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Tale of Two Botanies

By Amory B. and L. Hunter Lovins

Plants, shaped into incredible diversity by 3.8 billion years of evolution, make possible all life and are resilient against almost any threat–except human destructiveness. From botany came the genetics of Mendel and Lamarck, formalizing the patient plant-breeding that created 10,000 years of agriculture.

Now, however, in the name of feeding a growing human population, a completely different kind of botany, in the Cartesian tradition of reducing complex wholes to simple parts, strives to alter isolated genes while disregarding the interactive totality of ecosystems. Its ambition is to replace nature’s wisdom with people’s cleverness; to treat nature not as model and mentor but as a set of limits to be evaded when inconvenient; not to study nature but to restructure it.

The new botany aligns the development of plants with their economic, not evolutionary, success: survival not of the fittest but of the fattest. High-yield, open-pollinated seeds abound; the new crops were created not because they’re productive but because they’re patentable. Their economic value is oriented not toward helping subsistence farmers to feed themselves, but toward feeding more livestock for the already overfed rich. Most worryingly, the transformation of plant genetics is being accelerated from the measured pace of biological evolution to the speed of next quarter’s earnings report. Such haste makes it impossible to foresee and forestall: Unintended consequences appear only later, when they may not be fixable, because novel life forms aren’t recallable.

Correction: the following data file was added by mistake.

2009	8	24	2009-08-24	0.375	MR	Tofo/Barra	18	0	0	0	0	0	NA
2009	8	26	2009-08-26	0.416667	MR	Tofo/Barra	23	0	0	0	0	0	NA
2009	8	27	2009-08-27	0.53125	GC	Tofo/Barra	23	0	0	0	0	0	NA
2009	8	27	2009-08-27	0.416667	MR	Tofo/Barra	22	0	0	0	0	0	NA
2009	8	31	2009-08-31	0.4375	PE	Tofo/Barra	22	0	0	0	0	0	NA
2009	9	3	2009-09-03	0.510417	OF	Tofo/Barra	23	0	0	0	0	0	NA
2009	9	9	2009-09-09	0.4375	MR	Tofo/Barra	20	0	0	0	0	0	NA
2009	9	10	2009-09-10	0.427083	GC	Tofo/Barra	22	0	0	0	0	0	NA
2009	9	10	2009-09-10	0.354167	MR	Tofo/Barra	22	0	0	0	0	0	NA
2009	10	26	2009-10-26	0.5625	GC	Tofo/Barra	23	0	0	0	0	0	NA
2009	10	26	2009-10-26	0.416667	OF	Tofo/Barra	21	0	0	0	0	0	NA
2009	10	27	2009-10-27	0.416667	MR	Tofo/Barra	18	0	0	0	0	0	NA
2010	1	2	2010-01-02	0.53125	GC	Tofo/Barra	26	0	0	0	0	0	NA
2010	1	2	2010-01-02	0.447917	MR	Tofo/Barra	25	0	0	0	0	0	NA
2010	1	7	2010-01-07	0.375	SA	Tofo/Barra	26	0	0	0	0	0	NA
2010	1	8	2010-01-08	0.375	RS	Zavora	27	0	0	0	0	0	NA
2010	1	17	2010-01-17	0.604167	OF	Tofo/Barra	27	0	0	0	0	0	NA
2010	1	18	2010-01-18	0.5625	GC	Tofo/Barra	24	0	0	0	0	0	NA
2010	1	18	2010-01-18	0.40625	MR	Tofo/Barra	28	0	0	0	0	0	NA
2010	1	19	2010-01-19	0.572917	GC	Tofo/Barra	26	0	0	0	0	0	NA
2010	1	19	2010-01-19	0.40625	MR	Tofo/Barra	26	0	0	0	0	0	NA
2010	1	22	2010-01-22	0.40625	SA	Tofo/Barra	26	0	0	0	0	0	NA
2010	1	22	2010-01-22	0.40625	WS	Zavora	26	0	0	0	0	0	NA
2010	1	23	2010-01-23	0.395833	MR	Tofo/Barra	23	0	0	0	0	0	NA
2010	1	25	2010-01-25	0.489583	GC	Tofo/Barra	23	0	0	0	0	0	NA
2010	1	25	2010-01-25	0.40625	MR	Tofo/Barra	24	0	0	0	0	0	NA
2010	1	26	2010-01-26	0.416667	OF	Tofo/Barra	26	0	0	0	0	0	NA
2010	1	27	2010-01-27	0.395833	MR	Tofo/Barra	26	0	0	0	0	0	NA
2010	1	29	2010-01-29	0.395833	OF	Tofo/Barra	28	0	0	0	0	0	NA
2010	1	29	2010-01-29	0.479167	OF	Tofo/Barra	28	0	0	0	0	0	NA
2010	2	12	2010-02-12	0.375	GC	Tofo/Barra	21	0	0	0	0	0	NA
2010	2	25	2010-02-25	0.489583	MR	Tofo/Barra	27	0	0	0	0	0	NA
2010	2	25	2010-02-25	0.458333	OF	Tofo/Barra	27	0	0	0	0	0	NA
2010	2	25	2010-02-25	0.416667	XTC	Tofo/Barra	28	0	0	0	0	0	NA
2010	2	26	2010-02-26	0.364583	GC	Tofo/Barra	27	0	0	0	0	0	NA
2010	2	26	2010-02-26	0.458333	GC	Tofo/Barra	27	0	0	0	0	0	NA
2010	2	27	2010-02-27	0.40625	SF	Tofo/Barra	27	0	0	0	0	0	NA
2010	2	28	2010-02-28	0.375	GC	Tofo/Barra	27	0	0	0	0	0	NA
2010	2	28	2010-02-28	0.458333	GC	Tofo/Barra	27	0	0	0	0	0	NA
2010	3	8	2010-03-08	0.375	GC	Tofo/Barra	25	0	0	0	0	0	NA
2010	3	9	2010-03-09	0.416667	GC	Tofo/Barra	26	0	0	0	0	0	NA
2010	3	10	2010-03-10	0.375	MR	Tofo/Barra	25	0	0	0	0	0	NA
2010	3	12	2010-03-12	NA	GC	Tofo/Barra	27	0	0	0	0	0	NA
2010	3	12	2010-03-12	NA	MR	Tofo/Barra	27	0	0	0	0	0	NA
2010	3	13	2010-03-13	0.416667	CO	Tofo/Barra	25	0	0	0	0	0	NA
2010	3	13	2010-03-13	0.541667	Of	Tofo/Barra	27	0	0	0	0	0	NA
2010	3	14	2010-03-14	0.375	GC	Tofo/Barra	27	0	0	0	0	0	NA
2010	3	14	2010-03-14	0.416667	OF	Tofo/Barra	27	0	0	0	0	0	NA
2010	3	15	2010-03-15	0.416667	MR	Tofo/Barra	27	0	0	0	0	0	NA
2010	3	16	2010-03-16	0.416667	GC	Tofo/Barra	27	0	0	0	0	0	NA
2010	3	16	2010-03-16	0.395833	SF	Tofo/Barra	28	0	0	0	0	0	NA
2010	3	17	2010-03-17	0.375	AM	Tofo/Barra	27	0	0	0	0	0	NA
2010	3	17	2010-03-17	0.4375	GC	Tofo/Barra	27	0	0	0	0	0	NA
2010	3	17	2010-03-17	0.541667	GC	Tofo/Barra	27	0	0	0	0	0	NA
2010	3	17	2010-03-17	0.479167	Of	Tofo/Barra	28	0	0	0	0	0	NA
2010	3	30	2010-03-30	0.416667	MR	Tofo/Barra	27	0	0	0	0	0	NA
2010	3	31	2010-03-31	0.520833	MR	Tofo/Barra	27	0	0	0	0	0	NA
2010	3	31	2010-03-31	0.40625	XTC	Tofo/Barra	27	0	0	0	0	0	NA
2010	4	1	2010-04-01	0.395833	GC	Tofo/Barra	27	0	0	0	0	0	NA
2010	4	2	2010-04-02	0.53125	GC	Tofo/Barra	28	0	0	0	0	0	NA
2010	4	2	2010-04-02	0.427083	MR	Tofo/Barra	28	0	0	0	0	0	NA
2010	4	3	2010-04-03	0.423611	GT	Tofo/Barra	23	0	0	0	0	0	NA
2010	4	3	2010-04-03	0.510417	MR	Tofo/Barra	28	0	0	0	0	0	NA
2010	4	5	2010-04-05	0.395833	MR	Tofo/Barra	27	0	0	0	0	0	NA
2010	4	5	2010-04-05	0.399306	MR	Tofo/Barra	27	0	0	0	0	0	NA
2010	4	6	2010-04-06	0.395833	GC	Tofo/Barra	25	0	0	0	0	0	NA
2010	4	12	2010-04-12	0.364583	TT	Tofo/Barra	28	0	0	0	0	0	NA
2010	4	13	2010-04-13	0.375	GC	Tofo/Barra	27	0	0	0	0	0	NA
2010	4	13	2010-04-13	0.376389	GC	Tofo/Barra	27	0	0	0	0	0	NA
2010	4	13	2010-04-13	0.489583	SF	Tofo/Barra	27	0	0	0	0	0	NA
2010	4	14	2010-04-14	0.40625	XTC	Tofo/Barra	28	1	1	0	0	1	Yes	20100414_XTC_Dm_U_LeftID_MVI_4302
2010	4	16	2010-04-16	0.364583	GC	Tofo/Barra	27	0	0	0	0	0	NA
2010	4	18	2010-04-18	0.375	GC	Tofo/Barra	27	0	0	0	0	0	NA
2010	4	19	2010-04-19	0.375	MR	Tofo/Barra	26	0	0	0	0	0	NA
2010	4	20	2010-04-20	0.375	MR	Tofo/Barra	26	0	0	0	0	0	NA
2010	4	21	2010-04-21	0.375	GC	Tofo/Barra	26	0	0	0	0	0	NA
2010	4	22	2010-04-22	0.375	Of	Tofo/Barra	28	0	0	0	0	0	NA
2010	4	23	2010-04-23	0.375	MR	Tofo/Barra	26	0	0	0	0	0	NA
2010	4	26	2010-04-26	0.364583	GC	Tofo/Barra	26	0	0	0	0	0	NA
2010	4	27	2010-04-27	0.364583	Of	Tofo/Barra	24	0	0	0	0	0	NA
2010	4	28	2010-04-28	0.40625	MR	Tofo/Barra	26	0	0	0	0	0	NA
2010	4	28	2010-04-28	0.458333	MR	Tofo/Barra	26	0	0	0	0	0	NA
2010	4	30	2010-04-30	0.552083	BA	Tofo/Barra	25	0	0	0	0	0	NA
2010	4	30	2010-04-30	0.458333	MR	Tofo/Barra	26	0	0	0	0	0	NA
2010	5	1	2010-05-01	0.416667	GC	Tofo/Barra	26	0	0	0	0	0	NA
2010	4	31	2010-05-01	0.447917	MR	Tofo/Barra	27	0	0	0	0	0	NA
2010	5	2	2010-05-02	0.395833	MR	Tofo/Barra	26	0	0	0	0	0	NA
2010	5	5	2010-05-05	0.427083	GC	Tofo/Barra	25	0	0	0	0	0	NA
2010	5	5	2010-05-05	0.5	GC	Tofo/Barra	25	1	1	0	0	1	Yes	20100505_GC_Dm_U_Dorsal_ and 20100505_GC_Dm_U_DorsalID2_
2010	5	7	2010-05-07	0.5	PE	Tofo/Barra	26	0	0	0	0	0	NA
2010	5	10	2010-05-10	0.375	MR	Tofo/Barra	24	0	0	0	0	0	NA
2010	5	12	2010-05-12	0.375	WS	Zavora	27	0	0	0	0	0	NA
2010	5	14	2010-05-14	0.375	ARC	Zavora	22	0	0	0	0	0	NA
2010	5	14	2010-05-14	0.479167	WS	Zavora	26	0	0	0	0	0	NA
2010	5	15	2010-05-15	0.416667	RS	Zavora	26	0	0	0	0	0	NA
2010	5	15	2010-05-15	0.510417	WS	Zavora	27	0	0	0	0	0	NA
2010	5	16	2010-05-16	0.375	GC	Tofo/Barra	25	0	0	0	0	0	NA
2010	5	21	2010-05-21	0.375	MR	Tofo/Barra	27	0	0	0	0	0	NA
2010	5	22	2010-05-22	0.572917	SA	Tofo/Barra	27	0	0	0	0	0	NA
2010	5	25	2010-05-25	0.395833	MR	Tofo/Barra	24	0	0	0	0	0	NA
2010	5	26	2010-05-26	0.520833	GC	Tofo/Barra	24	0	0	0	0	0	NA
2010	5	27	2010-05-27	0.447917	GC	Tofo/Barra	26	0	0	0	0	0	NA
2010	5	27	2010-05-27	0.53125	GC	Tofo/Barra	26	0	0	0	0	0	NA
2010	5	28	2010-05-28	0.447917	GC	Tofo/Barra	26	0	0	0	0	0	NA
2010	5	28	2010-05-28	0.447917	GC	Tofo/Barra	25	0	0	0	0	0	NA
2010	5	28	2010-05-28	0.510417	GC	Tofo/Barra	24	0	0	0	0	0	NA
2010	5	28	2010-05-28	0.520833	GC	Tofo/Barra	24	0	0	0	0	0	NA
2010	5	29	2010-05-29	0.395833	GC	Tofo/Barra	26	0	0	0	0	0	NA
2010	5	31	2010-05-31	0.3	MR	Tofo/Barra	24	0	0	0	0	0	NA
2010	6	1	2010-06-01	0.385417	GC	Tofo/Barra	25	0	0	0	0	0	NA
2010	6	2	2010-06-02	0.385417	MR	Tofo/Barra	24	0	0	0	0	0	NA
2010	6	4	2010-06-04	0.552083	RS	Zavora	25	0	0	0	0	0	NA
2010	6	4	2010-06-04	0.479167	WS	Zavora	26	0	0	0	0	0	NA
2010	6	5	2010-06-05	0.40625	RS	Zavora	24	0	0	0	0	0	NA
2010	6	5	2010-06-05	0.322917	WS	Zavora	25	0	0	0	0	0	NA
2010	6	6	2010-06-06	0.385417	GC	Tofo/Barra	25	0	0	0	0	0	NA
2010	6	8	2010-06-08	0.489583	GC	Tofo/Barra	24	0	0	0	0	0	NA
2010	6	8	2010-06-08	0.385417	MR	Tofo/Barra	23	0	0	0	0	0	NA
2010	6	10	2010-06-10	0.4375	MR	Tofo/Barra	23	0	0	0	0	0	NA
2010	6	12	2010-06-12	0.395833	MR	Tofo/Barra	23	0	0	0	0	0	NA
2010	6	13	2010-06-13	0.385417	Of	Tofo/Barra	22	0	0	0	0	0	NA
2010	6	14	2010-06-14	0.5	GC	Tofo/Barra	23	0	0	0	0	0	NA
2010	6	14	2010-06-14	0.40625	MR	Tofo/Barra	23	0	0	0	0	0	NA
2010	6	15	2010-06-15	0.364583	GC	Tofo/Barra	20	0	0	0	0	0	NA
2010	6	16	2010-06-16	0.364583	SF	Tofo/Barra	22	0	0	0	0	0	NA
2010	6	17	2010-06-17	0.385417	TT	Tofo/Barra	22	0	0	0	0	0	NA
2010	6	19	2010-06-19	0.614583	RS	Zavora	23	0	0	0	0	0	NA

In nature, all experiments are rigorously tested over eons. Single mutations venture into an unforgiving ecosystem and test their mettle. What’s alive today is what worked; only successes yield progeny. But in the brave new world of artifice, organisms are briefly tested by their creators in laboratory and field, then mass-marketed worldwide. The USDA has already approved about 50 genetically engineered crops for unlimited release; U.S. researchers have tested about 4,500 more.

Over half the world’s soybeans and a third of the corn now contain genes spliced in from other forms of life. You’ve probably eaten some lately–unwittingly. The official assumption is that they’re different enough to patent but similar enough to make identical food; Europe’s insistence on labeling, to let people choose what they’re eating, is considered an irrational barrier to free trade.

Traditional agronomy transfers genes between plants whose kinship lets them interbreed. The new botany mechanically transfers genes between organisms that can never mate naturally: An antifreeze gene from a fish becomes part of a strawberry. Such patchwork, done by people who’ve seldom studied evolutionary biology and ecology, uses so-called "genetic engineering"–a double misnomer. It moves genes but is not about genetics. "Engineering" implies understanding of the causal mechanisms that link actions to effects, but nobody understands the mechanisms by which genes, interacting with each other and the environment, express traits. Transgenic manipulation inserts foreign genes into random locations in a plant’s DNA to see what happens. That’s not engineering; it’s the industrialization of life by people with a narrow understanding of it.